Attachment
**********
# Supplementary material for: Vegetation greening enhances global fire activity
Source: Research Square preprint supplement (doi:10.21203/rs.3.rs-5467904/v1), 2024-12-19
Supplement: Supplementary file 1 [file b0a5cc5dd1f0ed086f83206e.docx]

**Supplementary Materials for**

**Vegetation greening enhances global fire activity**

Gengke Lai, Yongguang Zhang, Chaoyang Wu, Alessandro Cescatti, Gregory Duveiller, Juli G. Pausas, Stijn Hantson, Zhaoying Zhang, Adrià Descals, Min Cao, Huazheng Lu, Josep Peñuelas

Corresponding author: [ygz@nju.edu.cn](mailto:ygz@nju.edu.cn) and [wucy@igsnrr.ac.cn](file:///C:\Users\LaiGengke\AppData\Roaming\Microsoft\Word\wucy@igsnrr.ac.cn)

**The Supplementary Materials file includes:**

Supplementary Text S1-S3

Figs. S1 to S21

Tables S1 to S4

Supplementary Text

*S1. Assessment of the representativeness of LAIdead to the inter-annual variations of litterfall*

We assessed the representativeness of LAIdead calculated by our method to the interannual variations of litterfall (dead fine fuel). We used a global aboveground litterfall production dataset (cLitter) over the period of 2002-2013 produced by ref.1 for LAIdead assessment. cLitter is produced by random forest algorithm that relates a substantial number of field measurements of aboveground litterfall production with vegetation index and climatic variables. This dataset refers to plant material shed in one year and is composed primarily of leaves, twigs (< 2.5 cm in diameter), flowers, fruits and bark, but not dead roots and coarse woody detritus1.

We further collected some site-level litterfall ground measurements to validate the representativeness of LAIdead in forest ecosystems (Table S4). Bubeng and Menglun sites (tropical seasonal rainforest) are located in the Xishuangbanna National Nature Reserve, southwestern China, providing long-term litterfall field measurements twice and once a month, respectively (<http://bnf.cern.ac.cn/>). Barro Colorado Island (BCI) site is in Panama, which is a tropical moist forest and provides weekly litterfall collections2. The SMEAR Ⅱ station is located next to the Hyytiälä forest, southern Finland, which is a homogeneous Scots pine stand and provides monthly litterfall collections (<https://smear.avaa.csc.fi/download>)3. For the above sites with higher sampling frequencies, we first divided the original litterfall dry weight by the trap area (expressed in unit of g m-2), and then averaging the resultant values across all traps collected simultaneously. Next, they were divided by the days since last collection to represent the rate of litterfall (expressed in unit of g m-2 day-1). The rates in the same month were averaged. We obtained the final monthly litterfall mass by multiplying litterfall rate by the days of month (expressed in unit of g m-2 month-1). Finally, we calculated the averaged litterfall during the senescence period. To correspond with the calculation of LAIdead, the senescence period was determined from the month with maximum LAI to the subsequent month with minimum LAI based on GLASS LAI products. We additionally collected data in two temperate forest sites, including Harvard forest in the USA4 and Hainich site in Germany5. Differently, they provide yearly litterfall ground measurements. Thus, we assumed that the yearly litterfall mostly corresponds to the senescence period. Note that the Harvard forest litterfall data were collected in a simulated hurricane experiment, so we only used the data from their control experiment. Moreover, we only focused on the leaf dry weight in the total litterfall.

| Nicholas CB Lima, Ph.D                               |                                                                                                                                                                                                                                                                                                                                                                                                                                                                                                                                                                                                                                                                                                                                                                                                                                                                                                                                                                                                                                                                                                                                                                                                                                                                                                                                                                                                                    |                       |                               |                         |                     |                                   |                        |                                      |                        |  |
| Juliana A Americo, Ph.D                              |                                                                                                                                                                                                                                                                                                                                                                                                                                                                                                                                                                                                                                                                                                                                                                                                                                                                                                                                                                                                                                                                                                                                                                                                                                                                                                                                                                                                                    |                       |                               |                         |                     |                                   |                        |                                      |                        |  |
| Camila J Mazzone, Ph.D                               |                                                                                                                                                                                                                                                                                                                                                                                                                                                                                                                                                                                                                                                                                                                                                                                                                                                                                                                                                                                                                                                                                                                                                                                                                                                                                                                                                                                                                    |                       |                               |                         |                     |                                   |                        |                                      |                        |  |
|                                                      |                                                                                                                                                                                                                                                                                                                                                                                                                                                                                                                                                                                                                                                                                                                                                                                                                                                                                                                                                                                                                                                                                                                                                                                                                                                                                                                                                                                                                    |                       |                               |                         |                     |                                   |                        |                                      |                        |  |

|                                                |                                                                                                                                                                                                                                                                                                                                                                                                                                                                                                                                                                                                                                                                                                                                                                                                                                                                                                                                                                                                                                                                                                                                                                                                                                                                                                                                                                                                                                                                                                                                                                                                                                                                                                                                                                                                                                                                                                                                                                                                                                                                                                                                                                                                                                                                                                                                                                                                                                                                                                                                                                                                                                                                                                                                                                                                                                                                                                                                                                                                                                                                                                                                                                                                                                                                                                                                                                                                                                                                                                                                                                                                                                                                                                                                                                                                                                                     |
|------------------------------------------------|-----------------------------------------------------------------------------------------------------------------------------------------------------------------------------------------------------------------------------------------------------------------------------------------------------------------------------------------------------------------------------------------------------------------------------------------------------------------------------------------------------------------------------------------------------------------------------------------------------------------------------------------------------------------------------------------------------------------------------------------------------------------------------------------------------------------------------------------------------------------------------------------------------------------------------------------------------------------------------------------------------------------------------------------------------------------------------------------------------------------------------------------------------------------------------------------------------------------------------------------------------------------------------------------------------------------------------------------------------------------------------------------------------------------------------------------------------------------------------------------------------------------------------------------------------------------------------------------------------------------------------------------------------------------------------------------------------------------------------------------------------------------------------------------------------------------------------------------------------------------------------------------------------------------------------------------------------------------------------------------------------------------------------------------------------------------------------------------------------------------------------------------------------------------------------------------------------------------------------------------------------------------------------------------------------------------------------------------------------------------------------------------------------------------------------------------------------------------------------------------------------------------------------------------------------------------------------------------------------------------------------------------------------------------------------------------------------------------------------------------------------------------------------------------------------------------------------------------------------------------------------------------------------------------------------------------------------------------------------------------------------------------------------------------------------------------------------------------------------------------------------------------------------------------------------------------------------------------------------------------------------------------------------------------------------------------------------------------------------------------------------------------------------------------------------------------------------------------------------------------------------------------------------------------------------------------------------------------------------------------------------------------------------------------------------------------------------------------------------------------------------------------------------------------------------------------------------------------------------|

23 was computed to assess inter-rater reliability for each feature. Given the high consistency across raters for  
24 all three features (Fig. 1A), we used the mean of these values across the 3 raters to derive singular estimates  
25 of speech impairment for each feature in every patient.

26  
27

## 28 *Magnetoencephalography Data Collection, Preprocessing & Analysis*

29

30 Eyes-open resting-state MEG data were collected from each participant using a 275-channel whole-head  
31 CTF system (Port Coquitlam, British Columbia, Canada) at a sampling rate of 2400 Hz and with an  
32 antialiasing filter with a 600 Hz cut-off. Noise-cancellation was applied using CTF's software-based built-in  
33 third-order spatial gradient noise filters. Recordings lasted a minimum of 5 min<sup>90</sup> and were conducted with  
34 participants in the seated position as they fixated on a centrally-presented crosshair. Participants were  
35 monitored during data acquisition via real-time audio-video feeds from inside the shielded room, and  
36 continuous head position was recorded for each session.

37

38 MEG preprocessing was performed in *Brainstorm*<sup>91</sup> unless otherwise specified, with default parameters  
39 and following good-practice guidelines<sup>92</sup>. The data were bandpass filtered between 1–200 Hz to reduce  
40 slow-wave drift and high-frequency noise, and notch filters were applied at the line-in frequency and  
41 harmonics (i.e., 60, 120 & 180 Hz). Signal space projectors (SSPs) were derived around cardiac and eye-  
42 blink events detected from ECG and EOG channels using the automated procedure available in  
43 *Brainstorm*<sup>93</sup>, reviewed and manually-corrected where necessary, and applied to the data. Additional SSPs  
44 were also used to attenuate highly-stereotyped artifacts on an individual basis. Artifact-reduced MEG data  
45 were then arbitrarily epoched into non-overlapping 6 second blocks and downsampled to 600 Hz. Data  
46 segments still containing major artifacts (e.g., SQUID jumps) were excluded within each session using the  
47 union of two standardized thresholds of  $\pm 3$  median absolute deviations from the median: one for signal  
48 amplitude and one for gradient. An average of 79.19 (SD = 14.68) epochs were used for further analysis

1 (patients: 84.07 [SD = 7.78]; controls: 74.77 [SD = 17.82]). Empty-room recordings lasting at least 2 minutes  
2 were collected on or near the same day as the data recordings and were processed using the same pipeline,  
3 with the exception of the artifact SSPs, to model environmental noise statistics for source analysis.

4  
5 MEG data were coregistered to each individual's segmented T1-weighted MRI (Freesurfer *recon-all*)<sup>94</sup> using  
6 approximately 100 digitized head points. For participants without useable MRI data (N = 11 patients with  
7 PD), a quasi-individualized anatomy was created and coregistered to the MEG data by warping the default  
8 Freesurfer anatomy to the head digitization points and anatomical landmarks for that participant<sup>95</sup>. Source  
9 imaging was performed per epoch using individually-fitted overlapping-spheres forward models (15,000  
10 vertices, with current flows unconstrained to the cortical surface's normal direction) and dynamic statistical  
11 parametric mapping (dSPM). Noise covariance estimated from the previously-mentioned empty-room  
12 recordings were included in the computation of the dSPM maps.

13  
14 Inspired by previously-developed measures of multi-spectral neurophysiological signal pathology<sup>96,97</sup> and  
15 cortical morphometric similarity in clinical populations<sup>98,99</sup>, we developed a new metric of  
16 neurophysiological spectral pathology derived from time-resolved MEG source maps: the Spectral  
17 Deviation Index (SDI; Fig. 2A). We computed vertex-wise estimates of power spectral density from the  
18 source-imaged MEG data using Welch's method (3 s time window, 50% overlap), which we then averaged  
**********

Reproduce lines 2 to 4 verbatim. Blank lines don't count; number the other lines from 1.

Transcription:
Source: Research Square preprint supplement (doi:10.21203/rs.3.rs-5467904/v1), 2024-12-19
Supplement: Supplementary file 1 [file b0a5cc5dd1f0ed086f83206e.docx]

**Supplementary Materials for**